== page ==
- The Washington Times - Wednesday, May 10, 2000

Question from J.D.

Rep. J.D. Hayworth, Arizona Republican, sneaked into a news conference called by Democratic National Committee Chairman Joe Andrew in Pittsburgh yesterday and took a seat among the reporters.

Actually, the three-term congressman is accustomed to the drill. He's a former member of the fourth estate, having toiled as a reporter in North Carolina, Ohio and Arizona.

In other words, nobody paid any attention.

That is until Mr. Andrew, who didn't know any better, called on the congressman, whose question began with Al Gore and ended with Chinese money.

"He bested the guy," Republican National Committee spokesman Mike Collins tells Inside the Beltway in a telephone interview from Pittsburgh.

Once he realized he'd been set up, Mr. Andrew thanked the RNC for having its people present.

"We told him we were very happy to oblige," says Mr. Collins.

As for Mr. Andrew, he'll know next time not to call a Democrat news conference on the same day and in the same hotel where Arizona Sen. John McCain endorsed Texas Gov. George W. Bush for the GOP presidential nomination.

Pulling teeth

The Republican National Committee never had any doubt that Arizona Sen. John McCain would ultimately endorse Texas Gov. George W. Bush for president.

"Eighteen months ago, John McCain sat in [RNC Chairman] Jim Nicholson's office and told us he had every intention of supporting the eventual nominee if he didn't receive the nomination himself," RNC spokesman Mike Collins tells this column.

That said, the RNC was on hand in Pittsburgh yesterday, prepared to counter any negative interpretation of the endorsement, given the heated primary contest between the GOP's top two candidates.

So is Mr. McCain's endorsement genuine?

"Of course," Mr. Collins reacts. "McCain himself joked about it, saying over and over again [yesterday], 'I endorse him, I endorse him, I endorse him,' in every tone of voice, in every contortion he can make, so as to fit any sound bite any reporter could dream up."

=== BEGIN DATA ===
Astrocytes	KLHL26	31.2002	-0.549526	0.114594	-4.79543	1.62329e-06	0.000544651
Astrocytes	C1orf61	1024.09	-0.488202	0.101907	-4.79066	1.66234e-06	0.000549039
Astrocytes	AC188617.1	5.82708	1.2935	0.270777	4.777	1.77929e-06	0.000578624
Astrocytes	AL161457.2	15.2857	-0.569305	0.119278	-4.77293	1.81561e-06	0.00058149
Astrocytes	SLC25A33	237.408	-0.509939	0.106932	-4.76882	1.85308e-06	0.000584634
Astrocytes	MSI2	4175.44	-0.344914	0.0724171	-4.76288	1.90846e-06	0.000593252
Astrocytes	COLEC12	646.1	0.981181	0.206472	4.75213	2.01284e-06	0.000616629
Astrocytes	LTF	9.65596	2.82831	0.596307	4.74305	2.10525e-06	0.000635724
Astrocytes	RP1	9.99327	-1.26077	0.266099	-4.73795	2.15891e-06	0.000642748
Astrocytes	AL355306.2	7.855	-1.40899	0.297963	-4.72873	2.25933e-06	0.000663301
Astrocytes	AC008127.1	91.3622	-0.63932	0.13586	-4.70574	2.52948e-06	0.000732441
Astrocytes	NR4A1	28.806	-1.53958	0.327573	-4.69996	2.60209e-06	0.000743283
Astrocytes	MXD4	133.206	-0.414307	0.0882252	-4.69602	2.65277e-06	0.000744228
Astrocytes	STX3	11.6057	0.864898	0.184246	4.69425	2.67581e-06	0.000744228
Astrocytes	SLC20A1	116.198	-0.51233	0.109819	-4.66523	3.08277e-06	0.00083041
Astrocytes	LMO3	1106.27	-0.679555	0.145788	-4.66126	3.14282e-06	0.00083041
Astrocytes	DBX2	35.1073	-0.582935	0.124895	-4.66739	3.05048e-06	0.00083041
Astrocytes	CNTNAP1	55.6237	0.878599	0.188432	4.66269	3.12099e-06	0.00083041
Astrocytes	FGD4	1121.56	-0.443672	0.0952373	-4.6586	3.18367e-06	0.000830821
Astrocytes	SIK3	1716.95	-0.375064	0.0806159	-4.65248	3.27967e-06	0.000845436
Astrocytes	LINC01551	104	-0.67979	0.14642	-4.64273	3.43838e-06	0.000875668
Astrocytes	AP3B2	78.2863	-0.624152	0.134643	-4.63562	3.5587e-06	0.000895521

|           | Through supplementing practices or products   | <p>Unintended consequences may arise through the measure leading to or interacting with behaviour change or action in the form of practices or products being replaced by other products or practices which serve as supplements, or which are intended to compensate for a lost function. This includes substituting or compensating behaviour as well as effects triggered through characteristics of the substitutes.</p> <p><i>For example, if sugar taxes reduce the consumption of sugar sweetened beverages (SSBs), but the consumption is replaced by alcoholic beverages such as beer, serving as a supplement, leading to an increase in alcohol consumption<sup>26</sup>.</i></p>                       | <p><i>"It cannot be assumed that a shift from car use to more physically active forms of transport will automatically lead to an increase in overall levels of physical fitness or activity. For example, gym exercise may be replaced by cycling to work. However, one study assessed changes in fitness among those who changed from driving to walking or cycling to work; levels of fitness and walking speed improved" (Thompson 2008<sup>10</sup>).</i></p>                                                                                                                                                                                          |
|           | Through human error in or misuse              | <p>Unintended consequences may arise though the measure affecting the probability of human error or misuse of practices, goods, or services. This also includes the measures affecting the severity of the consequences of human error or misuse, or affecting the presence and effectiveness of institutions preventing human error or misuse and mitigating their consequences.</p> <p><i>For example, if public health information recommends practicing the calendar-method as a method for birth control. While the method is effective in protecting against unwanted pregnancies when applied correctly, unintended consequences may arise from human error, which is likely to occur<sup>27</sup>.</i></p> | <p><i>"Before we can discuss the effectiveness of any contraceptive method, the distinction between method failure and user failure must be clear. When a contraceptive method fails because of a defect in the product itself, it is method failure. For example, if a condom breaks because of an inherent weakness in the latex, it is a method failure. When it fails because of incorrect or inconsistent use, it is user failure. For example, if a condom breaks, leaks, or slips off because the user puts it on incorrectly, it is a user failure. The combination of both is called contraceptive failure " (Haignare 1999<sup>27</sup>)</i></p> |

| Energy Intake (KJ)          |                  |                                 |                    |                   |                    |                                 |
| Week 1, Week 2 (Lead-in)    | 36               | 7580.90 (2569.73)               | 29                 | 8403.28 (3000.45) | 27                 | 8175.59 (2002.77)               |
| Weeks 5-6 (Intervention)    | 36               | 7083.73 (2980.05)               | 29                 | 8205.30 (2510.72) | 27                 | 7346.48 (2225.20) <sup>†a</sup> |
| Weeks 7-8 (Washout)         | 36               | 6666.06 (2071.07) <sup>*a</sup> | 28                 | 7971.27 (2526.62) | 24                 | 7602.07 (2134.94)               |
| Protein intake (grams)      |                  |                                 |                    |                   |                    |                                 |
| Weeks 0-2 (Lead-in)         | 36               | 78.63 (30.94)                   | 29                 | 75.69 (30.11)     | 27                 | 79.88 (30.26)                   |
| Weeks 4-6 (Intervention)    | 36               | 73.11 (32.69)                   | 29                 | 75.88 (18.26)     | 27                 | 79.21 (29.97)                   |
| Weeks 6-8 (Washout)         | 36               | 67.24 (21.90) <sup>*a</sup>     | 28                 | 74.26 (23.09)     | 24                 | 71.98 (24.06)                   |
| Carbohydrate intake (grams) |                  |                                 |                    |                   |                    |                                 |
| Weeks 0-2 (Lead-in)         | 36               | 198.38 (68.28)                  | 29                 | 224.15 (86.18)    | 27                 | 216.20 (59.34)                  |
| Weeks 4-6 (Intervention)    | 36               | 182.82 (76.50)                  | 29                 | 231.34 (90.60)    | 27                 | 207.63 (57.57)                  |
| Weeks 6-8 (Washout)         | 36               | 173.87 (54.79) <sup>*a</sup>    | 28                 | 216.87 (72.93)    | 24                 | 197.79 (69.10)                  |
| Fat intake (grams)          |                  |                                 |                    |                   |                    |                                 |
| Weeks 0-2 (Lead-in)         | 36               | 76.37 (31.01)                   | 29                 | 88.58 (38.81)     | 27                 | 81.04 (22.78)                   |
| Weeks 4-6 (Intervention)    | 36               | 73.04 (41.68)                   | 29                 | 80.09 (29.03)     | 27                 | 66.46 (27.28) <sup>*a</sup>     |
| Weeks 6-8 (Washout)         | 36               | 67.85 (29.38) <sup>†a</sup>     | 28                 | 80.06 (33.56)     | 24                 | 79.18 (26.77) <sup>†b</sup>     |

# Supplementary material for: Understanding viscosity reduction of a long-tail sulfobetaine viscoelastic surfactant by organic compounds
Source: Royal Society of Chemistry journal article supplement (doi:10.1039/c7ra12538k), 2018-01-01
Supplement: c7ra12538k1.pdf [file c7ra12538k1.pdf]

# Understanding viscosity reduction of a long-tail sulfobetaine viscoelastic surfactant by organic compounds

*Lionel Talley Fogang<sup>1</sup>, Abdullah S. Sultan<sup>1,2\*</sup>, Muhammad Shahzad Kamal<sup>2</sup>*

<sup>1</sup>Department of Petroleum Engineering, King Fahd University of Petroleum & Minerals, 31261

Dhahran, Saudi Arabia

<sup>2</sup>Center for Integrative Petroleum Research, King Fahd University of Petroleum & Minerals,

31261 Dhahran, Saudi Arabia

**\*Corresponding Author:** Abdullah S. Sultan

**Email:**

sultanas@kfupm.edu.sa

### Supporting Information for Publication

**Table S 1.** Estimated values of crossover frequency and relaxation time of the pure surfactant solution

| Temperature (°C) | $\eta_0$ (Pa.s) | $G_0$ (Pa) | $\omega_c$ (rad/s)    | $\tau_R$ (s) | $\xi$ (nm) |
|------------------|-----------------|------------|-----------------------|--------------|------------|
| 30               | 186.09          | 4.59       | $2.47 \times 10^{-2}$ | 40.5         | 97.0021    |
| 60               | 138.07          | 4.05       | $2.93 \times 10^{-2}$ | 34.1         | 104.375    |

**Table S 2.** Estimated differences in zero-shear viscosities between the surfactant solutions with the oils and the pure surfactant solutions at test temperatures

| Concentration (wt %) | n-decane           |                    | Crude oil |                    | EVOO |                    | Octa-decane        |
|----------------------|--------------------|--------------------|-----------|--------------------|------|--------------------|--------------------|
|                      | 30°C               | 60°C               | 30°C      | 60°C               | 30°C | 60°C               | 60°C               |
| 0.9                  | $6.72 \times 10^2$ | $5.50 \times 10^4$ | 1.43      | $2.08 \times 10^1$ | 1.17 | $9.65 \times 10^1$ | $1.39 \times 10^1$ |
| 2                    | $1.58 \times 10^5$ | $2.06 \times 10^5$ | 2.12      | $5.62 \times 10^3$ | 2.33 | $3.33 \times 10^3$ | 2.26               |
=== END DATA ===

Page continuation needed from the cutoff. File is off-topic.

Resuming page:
Wouldn't you know, moments after Mr. McCain gave his support to the Texas governor, CBS News observed that reporters almost had to "pull" the endorsement out of the Arizona senator, much the same way a dentist has to extract a sore tooth.

Hoisting stars

Senators and congressman who provide deserving constituents with U.S. flags flown over the U.S. Capitol have been given some new guidelines by Alan M. Hantman, architect of the Capitol and chief flag hoister.

First, each flag ordered will cost $4.05, quite the bargain considering those popular decorative flags with brown dogs and yellow daisies can cost up to $20 a piece.

Second, "only the official 50-star flag or a past official U.S. flag will be flown" no dogs or daisies or what's fluttering above the state Capitol in South Carolina.

Third, flags are flown "weather permitting" Monday through Friday. (Mr. Hantman's three-man team of flag hoisters is not going to risk life and limb by climbing to the top of the dome, one of Washington's loftiest pinnacles, during a thunderstorm.) Saturday and Sunday flag flying is done only on special request.

Fourth, requests for flags flown above the Capitol must be made two weeks in advance, and orders must include flag size, flag type (nylon or cotton), and if desired, the date the flag is to be flown.

Finally, unlike the Senate shoe repair, "rush requests cannot be done while you wait."

We popped into the U.S. Capitol's "Flag Office" yesterday, where a flag lady said U.S. citizens can also order the flags, each brand new and measuring 8-by-12-feet, for only $8.

"Each flag is flown above the Capitol for 30 seconds," she explains. In other words, the three flag hoisters are constantly raising and lowering flags on the U.S. Capitol's flag pole.

Members can also order "used" flags that have flown above the Capitol for 24 hours, free of charge. But the flag lady says these flags "are often torn and tattered" and don't make a very nice gift.

Still sore

"I have to be careful how I comment about my freedom-loving friend, Tom DeLay, because I don't need the Justice Department banging either of our doors down at four in the morning."

House Republican Conference Chairman Rep. J.C. Watts Jr., of Oklahoma, responding to the Democrats' lawsuit against House Majority Whip Tom DeLay of Texas over fund-raising tactics.

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